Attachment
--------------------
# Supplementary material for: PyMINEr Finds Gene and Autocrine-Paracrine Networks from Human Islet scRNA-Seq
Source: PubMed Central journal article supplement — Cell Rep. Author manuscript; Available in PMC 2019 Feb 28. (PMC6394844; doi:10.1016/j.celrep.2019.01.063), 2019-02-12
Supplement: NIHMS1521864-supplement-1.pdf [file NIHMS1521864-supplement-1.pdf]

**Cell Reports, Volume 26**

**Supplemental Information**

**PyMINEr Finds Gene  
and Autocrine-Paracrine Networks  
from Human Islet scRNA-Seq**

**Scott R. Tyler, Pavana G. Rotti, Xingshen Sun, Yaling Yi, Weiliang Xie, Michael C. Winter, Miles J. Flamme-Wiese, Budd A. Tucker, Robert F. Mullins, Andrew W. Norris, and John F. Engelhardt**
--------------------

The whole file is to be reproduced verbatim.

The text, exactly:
# Supplementary material for: PyMINEr Finds Gene and Autocrine-Paracrine Networks from Human Islet scRNA-Seq
Source: PubMed Central journal article supplement — Cell Rep. Author manuscript; Available in PMC 2019 Feb 28. (PMC6394844; doi:10.1016/j.celrep.2019.01.063), 2019-02-12
Supplement: NIHMS1521864-supplement-1.pdf [file NIHMS1521864-supplement-1.pdf]

**Cell Reports, Volume 26**

**Supplemental Information**

**PyMINEr Finds Gene  
and Autocrine-Paracrine Networks  
from Human Islet scRNA-Seq**

**Scott R. Tyler, Pavana G. Rotti, Xingshen Sun, Yaling Yi, Weiliang Xie, Michael C. Winter, Miles J. Flamme-Wiese, Budd A. Tucker, Robert F. Mullins, Andrew W. Norris, and John F. Engelhardt**